european leaders criticize. to 214ges, crude climbs highs after sanctions on tehran. commodities, the new trump trade. deutsche's downsizing, the bank cutting as much as 20% of u.s. staff, as part of the overall plan. the company denies the report. good morning, this is "bloomberg surveillance," i'm francine lacqua in london. tom keene is in new york. terrific news. m&a deals, media, other companies merging. what i would focus on his turkey. hasturkish president, summoned economic decision-makers to the palace to discuss lira. lira plunged on the back. tom: giving financial support and intellectual support to mr. erdogan, it falls behind
argentina's announcement of support. imagine that. argentina asking matter lagarde or help. that is like an snl skit. it harkens back to mexico and thailand of another time. francine: argentina had a default 23 years ago. we need to keep a close eye on that. here is taylor riggs. taylor: two big deals in m&a. walmart in talks to become the largest investor in india's leading e-commerce company. walmart would spend $7 billion to buy a third of flip cart. vodafone has agreed to buy european units from liberty global. liberty global will focus on the u.k. and ireland, its biggest
market. the company is controlled by john malone. coming up, we speak with the ceo of one of vodafone's rivals. u.s. secretary of state mike pompeo has arrived in north korea to prepare for president trump's summit with kim jong-un. it is his second visit in recent weeks. pompeo will ask whether north korea will release three americans being held there. said ton oligarchs is have made a $500,000 payment to an entity controlled by president trump's lawyer, michael cohen. the payment was used to pay hush money to a born actress. actress, stormy daniels. imf fora has asked the a credit line to help keep the peso from plunging. they want $30 billion.
the president spoke to the nation. is going to permit us to strengthen our program of development and growth, giving a strong support to be able to face the new global scenario and avoid the type of crisis we have suffered in our history. central banktina's has raised interest times three times in 10 days to 40%. global news 24 hours a day on air and @tictoc on twitter, powered by more than 2700 journalists and analysts in more than 120 countries. i'm taylor riggs, this is bloomberg. tom: thanks so much. a lot of data today with all going on in emerging markets. let's bring up the data check. equities, bonds, securities, futures, -- up curve steepening over the last two. euro weaker. american oil -- shocking number. 21.will get onto the vix, 14.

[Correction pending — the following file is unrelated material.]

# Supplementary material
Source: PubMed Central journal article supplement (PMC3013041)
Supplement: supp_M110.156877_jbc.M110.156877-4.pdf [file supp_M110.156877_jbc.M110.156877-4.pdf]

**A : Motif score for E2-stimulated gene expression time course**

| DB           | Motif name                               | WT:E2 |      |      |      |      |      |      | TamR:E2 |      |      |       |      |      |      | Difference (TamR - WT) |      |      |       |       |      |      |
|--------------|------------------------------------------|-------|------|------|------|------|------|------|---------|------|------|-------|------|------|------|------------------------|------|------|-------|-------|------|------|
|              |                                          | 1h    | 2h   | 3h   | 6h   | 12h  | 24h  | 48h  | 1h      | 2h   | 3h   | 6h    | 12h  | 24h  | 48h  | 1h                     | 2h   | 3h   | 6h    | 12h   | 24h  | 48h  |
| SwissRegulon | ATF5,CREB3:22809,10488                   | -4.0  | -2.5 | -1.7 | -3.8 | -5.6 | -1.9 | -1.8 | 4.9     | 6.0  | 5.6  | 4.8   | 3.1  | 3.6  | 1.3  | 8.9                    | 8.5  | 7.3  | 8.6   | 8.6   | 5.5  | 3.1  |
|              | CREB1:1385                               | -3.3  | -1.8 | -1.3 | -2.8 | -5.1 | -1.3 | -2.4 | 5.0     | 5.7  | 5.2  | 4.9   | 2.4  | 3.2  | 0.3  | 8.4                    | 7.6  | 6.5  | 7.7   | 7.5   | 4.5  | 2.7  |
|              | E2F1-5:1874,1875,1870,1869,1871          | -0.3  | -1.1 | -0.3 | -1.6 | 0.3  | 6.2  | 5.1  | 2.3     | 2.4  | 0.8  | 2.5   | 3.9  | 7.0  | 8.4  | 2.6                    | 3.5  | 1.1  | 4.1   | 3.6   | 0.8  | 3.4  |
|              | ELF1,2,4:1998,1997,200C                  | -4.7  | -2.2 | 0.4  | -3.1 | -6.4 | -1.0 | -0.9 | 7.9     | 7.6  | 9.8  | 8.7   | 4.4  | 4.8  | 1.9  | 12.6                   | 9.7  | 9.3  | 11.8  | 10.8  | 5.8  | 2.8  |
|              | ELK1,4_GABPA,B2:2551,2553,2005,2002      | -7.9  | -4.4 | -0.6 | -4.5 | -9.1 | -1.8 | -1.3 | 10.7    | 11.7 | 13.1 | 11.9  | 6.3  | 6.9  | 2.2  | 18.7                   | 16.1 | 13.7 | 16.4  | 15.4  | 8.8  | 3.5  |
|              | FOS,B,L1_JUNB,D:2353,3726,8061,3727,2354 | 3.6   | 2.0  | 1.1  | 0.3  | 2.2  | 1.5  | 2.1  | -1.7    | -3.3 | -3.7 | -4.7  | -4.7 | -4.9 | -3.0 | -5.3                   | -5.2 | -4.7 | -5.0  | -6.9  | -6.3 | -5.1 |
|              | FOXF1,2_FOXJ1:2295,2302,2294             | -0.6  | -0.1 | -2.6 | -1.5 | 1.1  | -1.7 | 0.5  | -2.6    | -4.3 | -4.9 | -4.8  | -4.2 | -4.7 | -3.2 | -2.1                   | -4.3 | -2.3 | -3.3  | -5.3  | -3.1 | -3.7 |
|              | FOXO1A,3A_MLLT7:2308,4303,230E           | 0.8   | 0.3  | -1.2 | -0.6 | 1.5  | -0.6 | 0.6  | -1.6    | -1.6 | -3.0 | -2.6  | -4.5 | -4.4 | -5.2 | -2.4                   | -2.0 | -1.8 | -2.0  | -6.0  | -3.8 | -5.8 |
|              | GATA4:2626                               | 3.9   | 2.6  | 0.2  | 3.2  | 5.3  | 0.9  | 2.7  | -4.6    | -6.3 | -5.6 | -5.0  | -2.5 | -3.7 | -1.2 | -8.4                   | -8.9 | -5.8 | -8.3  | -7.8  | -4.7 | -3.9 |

brent crude, 75.6. wild statistic. this is a big deal. there is the argentinian peso. yesterday, 10 a.m. new york time, the yen gave way. now 10976. that is what i'm watching the most. to see if the yen picks up. francine: i am looking at lira. overall, dollar extending gains for a fourth day, complicating pictures for emerging markets and commodities as traders trying to digest' trump's decision to walk away from the deal. bonds falling, the u.s. tenure at 3.004. earnings keep on rolling in. tom: a subtle chart with a rated
change. -- tradeghted u.s. weighted euro and trade weighted turkey. this is back to mr. erdogan. you have the stability of euro, the united states. there is the dollar rally from 2011. a percentage basis -- this is extraordinary. accelerationexity, of a weakening trade weighted lira -- the tension you see -- economy meetings this morning. francine: this is my lira regression chart. thank you to hillary clark for a great chart. that says it all in one glimpse. the turkish president, mr. erdogan has summoned decision-makers to the palace to discuss the plunge in lira. the longest losing streak in seven months. tom: great chart. of thee: that is part